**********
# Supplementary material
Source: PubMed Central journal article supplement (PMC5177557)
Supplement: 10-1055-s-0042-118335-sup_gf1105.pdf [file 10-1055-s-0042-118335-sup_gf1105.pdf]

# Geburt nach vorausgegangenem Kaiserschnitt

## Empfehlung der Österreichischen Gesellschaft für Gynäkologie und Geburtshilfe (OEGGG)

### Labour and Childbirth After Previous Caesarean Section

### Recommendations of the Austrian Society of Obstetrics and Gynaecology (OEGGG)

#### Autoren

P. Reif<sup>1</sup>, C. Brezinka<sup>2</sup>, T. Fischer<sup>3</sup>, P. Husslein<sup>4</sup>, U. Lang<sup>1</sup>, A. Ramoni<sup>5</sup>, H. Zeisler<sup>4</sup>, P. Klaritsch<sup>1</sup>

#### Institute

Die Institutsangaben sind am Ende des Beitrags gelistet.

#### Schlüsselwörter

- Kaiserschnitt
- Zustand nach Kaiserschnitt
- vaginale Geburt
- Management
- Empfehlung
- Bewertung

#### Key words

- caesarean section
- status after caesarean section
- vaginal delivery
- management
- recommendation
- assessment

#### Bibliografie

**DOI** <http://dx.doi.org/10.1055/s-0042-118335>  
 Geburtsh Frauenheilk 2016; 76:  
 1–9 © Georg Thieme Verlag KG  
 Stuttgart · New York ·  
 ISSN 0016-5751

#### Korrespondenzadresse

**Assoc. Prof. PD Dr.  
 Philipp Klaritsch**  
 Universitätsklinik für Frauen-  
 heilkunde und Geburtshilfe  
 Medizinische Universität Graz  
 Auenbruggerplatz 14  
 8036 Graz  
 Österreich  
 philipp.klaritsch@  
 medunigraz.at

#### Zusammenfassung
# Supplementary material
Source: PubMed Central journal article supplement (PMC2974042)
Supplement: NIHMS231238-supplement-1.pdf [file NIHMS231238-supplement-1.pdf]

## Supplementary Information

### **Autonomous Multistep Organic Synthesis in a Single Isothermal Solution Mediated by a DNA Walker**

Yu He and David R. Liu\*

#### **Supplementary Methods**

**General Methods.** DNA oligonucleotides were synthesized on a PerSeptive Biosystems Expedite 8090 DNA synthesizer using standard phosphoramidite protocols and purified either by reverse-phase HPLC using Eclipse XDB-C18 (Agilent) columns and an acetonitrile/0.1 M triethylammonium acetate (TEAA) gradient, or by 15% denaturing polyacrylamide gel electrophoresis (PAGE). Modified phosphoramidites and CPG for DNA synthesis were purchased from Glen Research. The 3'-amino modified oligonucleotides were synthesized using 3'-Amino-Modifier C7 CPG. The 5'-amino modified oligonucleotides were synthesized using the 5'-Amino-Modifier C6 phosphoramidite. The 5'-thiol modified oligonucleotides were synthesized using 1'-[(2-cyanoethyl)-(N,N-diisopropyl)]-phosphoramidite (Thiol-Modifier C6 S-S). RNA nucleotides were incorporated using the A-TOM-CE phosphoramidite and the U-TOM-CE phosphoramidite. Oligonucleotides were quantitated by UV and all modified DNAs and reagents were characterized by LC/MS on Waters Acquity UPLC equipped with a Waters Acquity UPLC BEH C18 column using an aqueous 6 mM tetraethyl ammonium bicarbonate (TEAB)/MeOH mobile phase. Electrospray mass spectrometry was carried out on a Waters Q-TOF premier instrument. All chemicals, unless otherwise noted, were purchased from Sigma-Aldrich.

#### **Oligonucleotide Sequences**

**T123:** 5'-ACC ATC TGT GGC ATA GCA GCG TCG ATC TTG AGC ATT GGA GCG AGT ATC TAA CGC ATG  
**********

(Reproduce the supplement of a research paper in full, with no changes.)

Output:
# Supplementary material
Source: PubMed Central journal article supplement (PMC5177557)
Supplement: 10-1055-s-0042-118335-sup_gf1105.pdf [file 10-1055-s-0042-118335-sup_gf1105.pdf]

# Geburt nach vorausgegangenem Kaiserschnitt

## Empfehlung der Österreichischen Gesellschaft für Gynäkologie und Geburtshilfe (OEGGG)

### Labour and Childbirth After Previous Caesarean Section

### Recommendations of the Austrian Society of Obstetrics and Gynaecology (OEGGG)

#### Autoren

P. Reif<sup>1</sup>, C. Brezinka<sup>2</sup>, T. Fischer<sup>3</sup>, P. Husslein<sup>4</sup>, U. Lang<sup>1</sup>, A. Ramoni<sup>5</sup>, H. Zeisler<sup>4</sup>, P. Klaritsch<sup>1</sup>

#### Institute

Die Institutsangaben sind am Ende des Beitrags gelistet.

#### Schlüsselwörter

- Kaiserschnitt
- Zustand nach Kaiserschnitt
- vaginale Geburt
- Management
- Empfehlung
- Bewertung

#### Key words

- caesarean section
- status after caesarean section
- vaginal delivery
- management
- recommendation
- assessment

#### Bibliografie

**DOI** <http://dx.doi.org/10.1055/s-0042-118335>  
 Geburtsh Frauenheilk 2016; 76:  
 1–9 © Georg Thieme Verlag KG  
 Stuttgart · New York ·  
 ISSN 0016-5751

#### Korrespondenzadresse

**Assoc. Prof. PD Dr.  
 Philipp Klaritsch**  
 Universitätsklinik für Frauen-  
 heilkunde und Geburtshilfe  
 Medizinische Universität Graz  
 Auenbruggerplatz 14  
 8036 Graz  
 Österreich  
 philipp.klaritsch@  
 medunigraz.at

#### Zusammenfassung
# Supplementary material
Source: PubMed Central journal article supplement (PMC2974042)
Supplement: NIHMS231238-supplement-1.pdf [file NIHMS231238-supplement-1.pdf]

## Supplementary Information

### **Autonomous Multistep Organic Synthesis in a Single Isothermal Solution Mediated by a DNA Walker**

Yu He and David R. Liu\*

#### **Supplementary Methods**

**General Methods.** DNA oligonucleotides were synthesized on a PerSeptive Biosystems Expedite 8090 DNA synthesizer using standard phosphoramidite protocols and purified either by reverse-phase HPLC using Eclipse XDB-C18 (Agilent) columns and an acetonitrile/0.1 M triethylammonium acetate (TEAA) gradient, or by 15% denaturing polyacrylamide gel electrophoresis (PAGE). Modified phosphoramidites and CPG for DNA synthesis were purchased from Glen Research. The 3'-amino modified oligonucleotides were synthesized using 3'-Amino-Modifier C7 CPG. The 5'-amino modified oligonucleotides were synthesized using the 5'-Amino-Modifier C6 phosphoramidite. The 5'-thiol modified oligonucleotides were synthesized using 1'-[(2-cyanoethyl)-(N,N-diisopropyl)]-phosphoramidite (Thiol-Modifier C6 S-S). RNA nucleotides were incorporated using the A-TOM-CE phosphoramidite and the U-TOM-CE phosphoramidite. Oligonucleotides were quantitated by UV and all modified DNAs and reagents were characterized by LC/MS on Waters Acquity UPLC equipped with a Waters Acquity UPLC BEH C18 column using an aqueous 6 mM tetraethyl ammonium bicarbonate (TEAB)/MeOH mobile phase. Electrospray mass spectrometry was carried out on a Waters Q-TOF premier instrument. All chemicals, unless otherwise noted, were purchased from Sigma-Aldrich.

#### **Oligonucleotide Sequences**

**T123:** 5'-ACC ATC TGT GGC ATA GCA GCG TCG ATC TTG AGC ATT GGA GCG AGT ATC TAA CGC ATG  